Essay about An Analysis Of George Berkeley 's The Italian Renaissance

Essay about An Analysis Of George Berkeley 's The Italian Renaissance

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George Berkeley said in his Principles of Human Knowledge, “Esse is percipe,” or, “To be is to be perceived” (Sobieszek). The human condition dictates that human beings are confined to their own body and experience, and can only perceive another’s experience through communication and individual expression. In a never ending bridge of communication between isolated minds, expression and body language can indicate one’s emotional or intellectual state where words fall short. Throughout history, people have sought to immortalize the human form and the human face; to see and be seen as they truly are within. The Italian Renaissance shows a shift to realism and realistic portrayal of human forms and faces. Painting with accuracy to life became a coveted ability. Modern artists have many different mediums and cameras in particular have allowed artists an incredible medium and a previously unimaginable accuracy of the subject at a particular moment in time.
Photography is an exercise in perception and no one perceives a subject with a more intimate view than an artist. Parker J. Pfister, a notable Asheville fine art photographer, has captured memories, moments, and faces for over twenty years (Pfister). He has built a business by photographing weddings, special occasions, events, people, and, in short, preserving a moment in a frame. Additionally, he creates unpaid, personal portraits in his own time, with his selected models, limited only by his artistry. Photography, according to Pfister, is, “…an art form with value and not a commodity” (Parker). Others obviously agree, as his work has been featured in art galleries across the globe, and he is sought out to capture weddings around the world (Parker). His wedding sessions are h...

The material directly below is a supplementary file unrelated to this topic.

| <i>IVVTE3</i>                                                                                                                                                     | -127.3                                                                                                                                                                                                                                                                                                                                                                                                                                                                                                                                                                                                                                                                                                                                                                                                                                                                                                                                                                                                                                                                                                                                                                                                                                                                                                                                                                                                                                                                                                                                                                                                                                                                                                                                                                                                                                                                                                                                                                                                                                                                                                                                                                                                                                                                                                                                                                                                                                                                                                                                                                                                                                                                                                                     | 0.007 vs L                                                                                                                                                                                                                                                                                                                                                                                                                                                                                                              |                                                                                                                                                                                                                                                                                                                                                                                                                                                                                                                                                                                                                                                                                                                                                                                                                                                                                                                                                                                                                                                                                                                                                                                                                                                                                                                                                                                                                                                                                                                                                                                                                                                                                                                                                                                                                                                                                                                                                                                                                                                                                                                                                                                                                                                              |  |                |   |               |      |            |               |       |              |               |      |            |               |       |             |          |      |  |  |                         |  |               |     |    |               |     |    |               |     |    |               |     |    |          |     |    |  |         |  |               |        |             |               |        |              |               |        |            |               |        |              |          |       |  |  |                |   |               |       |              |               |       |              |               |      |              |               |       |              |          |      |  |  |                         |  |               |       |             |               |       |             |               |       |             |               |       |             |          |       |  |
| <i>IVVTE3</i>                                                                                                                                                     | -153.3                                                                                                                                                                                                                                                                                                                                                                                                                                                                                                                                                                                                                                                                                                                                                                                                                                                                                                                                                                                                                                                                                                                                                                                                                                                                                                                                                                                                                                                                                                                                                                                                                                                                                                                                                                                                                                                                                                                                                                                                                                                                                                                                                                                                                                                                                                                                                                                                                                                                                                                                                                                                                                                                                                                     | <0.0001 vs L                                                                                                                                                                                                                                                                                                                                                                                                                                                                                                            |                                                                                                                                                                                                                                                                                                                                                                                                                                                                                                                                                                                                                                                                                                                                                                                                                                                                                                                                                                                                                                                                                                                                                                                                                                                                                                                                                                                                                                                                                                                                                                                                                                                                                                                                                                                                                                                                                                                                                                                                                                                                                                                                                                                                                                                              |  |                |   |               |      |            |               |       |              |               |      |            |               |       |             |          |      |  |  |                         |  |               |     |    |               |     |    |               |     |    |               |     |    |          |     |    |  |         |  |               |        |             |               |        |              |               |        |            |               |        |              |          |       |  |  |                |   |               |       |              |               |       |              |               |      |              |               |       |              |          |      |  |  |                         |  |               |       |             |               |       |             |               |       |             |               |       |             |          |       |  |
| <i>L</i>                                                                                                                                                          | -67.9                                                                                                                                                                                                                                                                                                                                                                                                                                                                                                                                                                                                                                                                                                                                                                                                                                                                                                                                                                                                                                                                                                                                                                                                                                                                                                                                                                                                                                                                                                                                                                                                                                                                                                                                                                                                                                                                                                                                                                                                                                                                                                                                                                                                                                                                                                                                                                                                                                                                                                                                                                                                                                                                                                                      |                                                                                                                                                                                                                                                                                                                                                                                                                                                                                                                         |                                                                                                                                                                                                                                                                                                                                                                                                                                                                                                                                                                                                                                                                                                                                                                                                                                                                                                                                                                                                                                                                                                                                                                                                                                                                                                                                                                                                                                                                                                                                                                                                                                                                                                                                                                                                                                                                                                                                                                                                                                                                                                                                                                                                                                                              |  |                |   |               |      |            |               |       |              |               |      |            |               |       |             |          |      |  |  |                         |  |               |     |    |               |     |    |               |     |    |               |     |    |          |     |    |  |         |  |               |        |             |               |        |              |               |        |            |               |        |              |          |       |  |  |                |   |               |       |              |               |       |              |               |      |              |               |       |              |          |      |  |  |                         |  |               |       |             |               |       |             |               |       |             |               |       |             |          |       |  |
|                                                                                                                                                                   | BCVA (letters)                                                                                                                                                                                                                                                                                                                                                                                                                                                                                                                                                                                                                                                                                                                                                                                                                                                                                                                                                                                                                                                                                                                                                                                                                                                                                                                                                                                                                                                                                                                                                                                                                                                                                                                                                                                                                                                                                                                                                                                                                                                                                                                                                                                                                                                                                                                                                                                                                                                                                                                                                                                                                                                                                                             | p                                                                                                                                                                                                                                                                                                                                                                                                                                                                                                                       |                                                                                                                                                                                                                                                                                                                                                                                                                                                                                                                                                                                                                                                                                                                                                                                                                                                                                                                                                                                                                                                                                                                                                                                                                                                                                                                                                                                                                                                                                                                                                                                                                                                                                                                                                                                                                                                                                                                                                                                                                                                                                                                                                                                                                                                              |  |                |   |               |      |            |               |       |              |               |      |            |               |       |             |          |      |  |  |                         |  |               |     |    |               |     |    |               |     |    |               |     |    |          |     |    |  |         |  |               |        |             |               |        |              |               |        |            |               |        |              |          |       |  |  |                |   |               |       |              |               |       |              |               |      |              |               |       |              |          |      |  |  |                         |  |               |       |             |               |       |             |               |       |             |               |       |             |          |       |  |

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...s made today’s local culture even more focused on the unique identity of each subject and each image taken of them than Root recognized in his own time.
Ultimately, Asheville loves the unique and revels in the weird. Much of this culture is made up by individuals embracing their distinct quirks and features. People in Asheville’s artistic community are seen as irreplaceable, unique entities with mysterious, inner workings. Local portraits, likewise, seek to show the subject’s unique features, but, perhaps more importantly, they seek to show the viewer a glimpse into the inner workings of the subject’s mind, or what some would call their soul. Ghost in the Shell posits, “…Let us consider the human machine, or more particularly its face, as something of a malleable shell that encompasses and reveals the unnamable ghost(s) residing within each of us” (Sobieszek 13).

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